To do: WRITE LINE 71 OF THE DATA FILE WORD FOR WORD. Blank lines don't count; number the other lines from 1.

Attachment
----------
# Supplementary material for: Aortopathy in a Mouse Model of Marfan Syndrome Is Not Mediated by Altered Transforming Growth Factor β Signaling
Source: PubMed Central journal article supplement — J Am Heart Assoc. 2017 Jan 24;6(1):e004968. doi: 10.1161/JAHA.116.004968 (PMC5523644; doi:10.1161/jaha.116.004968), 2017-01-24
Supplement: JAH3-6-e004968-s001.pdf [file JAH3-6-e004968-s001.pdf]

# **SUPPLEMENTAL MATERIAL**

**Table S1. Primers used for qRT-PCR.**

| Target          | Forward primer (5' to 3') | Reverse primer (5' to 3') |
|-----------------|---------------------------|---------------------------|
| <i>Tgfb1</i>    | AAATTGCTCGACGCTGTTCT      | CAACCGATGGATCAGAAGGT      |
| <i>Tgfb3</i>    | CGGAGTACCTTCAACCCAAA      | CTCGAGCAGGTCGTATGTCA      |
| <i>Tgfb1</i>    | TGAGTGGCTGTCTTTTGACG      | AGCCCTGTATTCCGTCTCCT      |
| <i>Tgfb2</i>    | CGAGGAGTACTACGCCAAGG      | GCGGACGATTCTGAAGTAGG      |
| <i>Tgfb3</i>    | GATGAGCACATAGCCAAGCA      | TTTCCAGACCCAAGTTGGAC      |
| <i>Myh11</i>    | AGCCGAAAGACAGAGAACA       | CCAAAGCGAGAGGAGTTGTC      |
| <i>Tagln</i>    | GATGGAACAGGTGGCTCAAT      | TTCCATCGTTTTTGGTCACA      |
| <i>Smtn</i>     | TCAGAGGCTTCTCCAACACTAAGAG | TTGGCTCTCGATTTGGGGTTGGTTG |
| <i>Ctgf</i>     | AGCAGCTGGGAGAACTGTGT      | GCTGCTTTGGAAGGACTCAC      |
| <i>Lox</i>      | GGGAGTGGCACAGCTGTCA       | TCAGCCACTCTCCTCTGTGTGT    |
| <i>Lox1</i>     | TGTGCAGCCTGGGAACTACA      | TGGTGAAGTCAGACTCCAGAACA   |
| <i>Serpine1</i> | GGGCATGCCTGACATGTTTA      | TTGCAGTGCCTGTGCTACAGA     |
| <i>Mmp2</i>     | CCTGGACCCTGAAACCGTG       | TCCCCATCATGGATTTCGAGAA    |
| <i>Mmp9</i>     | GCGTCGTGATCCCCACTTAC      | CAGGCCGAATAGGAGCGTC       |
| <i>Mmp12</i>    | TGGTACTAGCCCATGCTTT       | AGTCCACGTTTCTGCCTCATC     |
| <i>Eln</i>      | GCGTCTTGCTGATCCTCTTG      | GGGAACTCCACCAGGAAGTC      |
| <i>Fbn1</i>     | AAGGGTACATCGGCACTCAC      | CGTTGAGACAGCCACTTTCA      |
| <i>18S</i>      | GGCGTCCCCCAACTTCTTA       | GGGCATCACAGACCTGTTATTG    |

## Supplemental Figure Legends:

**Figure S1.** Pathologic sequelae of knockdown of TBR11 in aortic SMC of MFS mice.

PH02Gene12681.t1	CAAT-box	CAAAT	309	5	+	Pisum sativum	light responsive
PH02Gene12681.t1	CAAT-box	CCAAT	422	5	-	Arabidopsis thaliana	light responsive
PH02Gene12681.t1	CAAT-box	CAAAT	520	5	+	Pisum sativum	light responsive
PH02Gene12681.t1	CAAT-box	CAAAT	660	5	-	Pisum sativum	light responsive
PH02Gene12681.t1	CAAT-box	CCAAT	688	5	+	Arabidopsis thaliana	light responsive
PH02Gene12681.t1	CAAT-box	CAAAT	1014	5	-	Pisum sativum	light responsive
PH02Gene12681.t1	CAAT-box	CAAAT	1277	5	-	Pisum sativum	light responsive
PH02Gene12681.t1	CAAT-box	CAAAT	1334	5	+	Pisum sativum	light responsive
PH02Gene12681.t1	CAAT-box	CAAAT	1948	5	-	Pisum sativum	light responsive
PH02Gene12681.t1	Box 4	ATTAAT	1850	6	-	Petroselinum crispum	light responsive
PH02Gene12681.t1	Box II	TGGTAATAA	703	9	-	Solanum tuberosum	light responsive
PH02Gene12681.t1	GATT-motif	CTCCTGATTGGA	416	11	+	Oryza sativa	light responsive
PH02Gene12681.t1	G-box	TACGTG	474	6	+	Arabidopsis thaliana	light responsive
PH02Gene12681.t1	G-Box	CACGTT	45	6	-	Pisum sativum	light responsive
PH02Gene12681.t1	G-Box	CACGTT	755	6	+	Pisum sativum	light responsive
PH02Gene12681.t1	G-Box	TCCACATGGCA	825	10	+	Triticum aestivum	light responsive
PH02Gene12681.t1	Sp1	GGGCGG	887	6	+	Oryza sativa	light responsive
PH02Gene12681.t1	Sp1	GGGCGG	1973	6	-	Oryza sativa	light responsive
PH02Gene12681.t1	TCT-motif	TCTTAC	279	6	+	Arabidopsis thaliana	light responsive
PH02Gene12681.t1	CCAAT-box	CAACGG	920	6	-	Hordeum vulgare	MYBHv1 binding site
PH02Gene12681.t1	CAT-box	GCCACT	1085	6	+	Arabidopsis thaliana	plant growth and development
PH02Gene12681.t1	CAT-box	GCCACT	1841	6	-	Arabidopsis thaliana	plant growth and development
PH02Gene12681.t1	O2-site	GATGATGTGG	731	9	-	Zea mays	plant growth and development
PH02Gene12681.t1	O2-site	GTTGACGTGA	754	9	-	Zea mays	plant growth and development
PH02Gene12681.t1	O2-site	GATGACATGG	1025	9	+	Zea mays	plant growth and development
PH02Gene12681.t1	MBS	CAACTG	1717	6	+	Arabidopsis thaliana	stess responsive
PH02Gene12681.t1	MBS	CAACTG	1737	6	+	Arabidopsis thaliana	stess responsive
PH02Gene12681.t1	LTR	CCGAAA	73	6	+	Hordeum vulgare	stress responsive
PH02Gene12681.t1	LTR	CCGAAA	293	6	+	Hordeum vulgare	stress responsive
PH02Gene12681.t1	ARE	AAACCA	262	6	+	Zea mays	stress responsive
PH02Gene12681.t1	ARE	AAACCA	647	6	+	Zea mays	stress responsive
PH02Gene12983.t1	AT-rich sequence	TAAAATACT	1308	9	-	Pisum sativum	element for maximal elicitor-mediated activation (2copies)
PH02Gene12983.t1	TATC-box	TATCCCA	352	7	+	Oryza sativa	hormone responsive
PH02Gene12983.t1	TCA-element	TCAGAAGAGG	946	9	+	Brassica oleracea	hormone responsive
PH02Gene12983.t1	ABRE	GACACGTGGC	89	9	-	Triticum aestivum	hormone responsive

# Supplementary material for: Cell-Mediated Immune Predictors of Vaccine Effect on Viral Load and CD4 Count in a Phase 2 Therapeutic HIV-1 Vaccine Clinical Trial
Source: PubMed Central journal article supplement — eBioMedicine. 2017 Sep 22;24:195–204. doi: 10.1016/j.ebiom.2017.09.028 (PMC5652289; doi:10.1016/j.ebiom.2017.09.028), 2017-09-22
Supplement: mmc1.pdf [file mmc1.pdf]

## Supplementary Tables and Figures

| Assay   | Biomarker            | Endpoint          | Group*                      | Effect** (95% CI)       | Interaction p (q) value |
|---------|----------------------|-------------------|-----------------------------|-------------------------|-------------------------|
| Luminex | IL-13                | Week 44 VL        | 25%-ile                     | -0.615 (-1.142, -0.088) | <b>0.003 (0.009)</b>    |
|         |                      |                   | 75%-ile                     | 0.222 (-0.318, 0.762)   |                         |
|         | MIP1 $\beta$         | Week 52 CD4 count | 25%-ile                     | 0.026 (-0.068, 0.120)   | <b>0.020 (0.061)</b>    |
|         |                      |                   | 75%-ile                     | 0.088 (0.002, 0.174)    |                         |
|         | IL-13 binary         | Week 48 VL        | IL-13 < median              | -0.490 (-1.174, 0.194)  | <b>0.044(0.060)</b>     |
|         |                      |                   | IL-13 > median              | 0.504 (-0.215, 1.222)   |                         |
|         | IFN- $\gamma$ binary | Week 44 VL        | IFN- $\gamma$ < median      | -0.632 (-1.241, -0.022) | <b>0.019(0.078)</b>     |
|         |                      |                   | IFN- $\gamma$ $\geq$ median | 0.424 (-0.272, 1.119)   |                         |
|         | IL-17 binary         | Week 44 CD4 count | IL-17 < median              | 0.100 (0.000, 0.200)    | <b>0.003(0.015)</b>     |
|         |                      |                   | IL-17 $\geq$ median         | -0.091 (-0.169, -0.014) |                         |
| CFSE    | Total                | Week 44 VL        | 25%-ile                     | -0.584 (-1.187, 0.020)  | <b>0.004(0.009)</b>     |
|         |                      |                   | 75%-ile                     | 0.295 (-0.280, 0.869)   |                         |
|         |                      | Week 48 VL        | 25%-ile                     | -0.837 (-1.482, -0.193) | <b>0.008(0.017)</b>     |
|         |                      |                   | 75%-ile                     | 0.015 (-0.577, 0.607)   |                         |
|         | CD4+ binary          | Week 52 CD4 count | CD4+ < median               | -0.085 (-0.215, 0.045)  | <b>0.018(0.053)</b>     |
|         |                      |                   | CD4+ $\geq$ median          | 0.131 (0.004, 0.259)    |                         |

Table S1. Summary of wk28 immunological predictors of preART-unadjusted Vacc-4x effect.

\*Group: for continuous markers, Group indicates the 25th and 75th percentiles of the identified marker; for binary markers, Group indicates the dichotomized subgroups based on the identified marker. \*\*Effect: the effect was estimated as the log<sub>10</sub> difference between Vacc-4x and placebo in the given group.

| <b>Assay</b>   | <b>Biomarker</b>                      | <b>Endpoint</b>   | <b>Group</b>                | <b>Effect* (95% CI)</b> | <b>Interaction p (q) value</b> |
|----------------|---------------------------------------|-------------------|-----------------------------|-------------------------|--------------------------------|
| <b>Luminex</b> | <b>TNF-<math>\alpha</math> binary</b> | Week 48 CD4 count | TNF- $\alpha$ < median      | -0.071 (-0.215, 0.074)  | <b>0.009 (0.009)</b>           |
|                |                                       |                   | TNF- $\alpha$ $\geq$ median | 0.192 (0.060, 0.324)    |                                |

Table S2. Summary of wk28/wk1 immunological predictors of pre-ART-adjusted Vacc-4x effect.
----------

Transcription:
|         | MIP1 $\beta$         | Week 52 CD4 count | 25%-ile                     | 0.026 (-0.068, 0.120)   | <b>0.020 (0.061)</b>    |